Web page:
In recent years there has been a big push, for both coders and providers, towards coding to the highest specificity. Especially since the release of ICD-10-CM. That said, there are still no national guidelines for mandatory reporting for the codes of Chapter 20: External Causes of Morbidity. The exception to this are providers who are required by a particular payer, or a state-based mandate. As such, it’s important to stay informed on what is required for reporting for your provider(s). However, best practices suggest we voluntarily report, follow ICD-10-CM guidelines, and code the highest specificity known.
Before we dive in, remember: external causes of morbidity codes are never to be coded as the primary or principle diagnosis. These unique codes within chapter twenty are always to be used as secondary codes to provide supplementary data on injuries and other health conditions captured within the health record. This data can then be used for injury research, evaluation of injury prevention, and can also be used by payers.
General Guidelines and Examples
The codes can be used with any code within the following ranges that an external cause code is applicable to: A00.0-T88.9 and Z00-Z99. Primarily, external cause codes are used with injury codes, but there are instances that it would be appropriate to further specify the cause. For instance, a heart attack due to strenuous activity, or signs and symptoms such as shoulder pain from a ground level fall.
Guidelines state it would be inappropriate to code an external cause for codes that already include the cause within the code description.
As an example, let’s take a look at a code from the poisonings section: T45.511 Poisoning by anticoagulants, accidental (unintentional). Even though this code falls into the code range stated above, it would be incorrect to assign an external cause, as the intent/cause is already reported within the description.
Activity and Place of Occurrence codes are only reported once during the initial encounter, unless a new injury occurs while hospitalized. It is important to note that both Y92.9 Unspecified Place or Not Applicable and Y93.9 Activity, Unspecified are never to be used if the place or activity are not stated. When reporting external cause codes, there should be one place of occurrence, one activity, and one status code, unless there is a new injury. However, it is possible to report more than one external cause code in order to accurately report how the injury happened.
An external cause status code should be assigned whenever an external cause code is assigned. Only one status code may be reported at the initial encounter and, just like the Activity and Place of Occurrence codes, Y99.9 Unspecified External Cause status should not be reported if it is not stated within the record. Also, never assign a status code if there are no reportable external cause codes, such as with poisonings.
Example: A 41-year-old male came into the ER with his spouse. He states he fell off a ladder while volunteering at a nursing home, and reports left ankle pain. After workup, the provider determines there are no signs of a fracture, and diagnoses a left ankle sprain.
The codes we report are:
S93.402A Sprain of Unspecified Ligament of Left Ankle, initial encounter
W11.XXA Fall On and From Ladder, initial encounter
Y92.129 Unspecified Place in Nursing Home as the place of occurrence of the external cause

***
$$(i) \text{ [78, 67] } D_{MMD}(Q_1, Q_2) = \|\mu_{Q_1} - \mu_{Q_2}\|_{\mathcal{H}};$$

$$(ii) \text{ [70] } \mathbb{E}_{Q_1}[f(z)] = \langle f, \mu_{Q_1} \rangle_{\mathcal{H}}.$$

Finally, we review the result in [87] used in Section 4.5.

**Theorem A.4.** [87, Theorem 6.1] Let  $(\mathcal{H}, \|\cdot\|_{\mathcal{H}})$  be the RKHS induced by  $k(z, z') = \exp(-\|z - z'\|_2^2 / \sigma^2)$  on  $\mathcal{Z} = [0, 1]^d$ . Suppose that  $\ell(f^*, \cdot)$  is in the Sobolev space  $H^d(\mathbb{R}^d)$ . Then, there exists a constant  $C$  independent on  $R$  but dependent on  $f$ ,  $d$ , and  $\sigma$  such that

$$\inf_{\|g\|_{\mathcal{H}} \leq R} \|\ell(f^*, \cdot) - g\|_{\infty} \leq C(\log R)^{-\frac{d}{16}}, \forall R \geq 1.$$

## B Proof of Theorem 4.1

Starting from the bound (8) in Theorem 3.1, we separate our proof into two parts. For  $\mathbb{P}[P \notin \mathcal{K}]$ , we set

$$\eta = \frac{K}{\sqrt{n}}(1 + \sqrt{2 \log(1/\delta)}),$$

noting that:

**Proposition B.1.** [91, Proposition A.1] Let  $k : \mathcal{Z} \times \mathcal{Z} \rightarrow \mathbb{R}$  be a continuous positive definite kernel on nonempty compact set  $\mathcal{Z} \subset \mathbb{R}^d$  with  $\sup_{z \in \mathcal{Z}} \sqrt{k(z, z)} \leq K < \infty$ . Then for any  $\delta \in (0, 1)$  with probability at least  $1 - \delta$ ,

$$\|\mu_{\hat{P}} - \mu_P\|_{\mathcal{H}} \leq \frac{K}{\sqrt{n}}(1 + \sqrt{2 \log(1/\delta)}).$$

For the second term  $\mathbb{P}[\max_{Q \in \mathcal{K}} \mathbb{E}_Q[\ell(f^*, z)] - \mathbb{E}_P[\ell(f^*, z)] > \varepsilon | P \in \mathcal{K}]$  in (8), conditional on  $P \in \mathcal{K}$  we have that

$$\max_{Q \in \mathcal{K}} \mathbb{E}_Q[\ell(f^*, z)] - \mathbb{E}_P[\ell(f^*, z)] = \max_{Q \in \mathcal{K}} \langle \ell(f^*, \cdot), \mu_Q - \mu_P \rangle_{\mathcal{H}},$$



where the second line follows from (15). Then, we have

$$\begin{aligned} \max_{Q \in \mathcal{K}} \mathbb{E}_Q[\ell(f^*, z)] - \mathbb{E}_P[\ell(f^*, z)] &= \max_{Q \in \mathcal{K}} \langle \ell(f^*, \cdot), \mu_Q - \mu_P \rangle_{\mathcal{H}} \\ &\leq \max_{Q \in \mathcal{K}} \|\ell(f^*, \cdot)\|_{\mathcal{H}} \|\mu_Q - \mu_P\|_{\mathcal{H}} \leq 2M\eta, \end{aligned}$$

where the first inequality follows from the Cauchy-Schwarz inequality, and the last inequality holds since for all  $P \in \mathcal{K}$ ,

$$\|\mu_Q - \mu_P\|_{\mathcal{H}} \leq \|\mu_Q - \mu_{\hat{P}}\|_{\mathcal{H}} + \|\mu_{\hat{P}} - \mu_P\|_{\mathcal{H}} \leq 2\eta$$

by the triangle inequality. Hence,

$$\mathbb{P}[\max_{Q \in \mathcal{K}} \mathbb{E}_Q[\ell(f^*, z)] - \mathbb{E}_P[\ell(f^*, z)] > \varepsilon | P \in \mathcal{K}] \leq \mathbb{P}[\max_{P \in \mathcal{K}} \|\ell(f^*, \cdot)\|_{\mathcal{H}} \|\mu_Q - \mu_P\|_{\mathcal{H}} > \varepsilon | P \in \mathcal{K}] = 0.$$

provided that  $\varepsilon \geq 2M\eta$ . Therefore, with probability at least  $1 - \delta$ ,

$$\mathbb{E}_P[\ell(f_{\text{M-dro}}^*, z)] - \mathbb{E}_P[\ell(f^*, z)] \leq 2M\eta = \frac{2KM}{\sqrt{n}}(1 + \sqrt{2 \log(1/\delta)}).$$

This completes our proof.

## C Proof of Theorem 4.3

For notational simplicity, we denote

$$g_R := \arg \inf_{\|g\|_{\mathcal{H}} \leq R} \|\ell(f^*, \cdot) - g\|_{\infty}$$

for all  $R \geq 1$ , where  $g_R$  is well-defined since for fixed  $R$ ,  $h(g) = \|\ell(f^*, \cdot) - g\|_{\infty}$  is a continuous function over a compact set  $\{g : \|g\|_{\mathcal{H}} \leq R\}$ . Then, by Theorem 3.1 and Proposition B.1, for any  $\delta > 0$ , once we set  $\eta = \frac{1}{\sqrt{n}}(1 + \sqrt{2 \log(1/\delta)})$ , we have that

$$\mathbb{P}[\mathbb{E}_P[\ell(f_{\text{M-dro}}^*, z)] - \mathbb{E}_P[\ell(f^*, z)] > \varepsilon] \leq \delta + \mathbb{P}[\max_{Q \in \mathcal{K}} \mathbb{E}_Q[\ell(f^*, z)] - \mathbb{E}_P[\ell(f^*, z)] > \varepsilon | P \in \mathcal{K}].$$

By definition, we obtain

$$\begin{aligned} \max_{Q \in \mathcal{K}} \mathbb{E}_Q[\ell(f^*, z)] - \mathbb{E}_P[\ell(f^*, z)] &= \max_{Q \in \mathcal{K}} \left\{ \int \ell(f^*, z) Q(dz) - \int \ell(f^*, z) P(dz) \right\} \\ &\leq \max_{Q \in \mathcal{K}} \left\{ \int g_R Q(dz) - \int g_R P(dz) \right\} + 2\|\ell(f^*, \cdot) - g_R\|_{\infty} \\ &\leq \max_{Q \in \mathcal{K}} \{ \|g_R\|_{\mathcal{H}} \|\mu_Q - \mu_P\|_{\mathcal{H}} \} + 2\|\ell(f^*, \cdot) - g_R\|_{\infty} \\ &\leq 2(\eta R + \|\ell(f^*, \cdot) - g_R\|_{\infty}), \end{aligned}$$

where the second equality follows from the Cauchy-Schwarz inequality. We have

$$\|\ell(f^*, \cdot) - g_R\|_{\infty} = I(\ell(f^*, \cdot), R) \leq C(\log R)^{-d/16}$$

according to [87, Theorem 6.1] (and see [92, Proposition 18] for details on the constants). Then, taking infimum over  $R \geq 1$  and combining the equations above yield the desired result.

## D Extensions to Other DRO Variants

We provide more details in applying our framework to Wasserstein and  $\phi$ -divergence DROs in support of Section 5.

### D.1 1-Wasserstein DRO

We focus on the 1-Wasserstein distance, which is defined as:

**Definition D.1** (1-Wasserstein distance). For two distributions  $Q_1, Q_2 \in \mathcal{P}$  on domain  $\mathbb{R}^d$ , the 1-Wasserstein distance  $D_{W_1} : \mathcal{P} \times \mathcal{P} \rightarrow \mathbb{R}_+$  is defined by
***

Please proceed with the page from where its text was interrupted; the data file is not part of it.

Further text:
Y99.2 Volunteer Activity
In the example above, no activity was reported for the patient during the injury, we do not assign Y93.9 Activity, Unspecified. Keep in mind that if the medical record documentation had not stated that the patient was volunteering or specified the place, we would not have assigned the unspecified codes and only the fall from the ladder would be reported as an additional code.
Sequencing Multiple External Causes
When multiple injuries are caused by different reasons, ICD-10-CM Guidelines clarify what order or priority the external causes should be reported, as follows:
Child and adult abuse, then terrorism events, followed by cataclysmic events, then, lastly, transport accidents.
In child and adult abuse cases, assault codes are used to report any injuries in confirmed cases. If the perpetrator is known, also report a code from category Y07 Perpetrator of Maltreatment and Neglect.
Sequelae External Cause Codes
Sequelae codes are used to report late effects of an injury for as long as they are present or are being treated. When determining if a sequelae code should be reported, keep in mind that a sequela, or late effect, is not the same as a healing injury. A healing injury should be reported with the seventh character “A” or “D” as appropriate for follow-up care.
Code category Y38, Terrorism is only reported when the cause of the stated injury is reported as such by the Federal Bureau of Investigation (FBI). If the event or cause is not reported by the FBI as terrorism, or it is suspected, it is then classified as an assault. Additionally, more than one code may be assigned from this category in the scenario that the injury or injuries resulted from multiple mechanisms of terrorism.
When coding and reporting from Chapter 20, a comprehensive review of the guidelines and conventions are necessary to ensure accurate code assignment. Working with external cause codes is unique, as far as the separate External Causes Index along with some interesting codes found within the Tabular List of Diseases and Injures. I recommended you take the time to familiarize yourself with the variety of codes found within this chapter and, as always, stay informed on the yearly updates to codes and guidelines.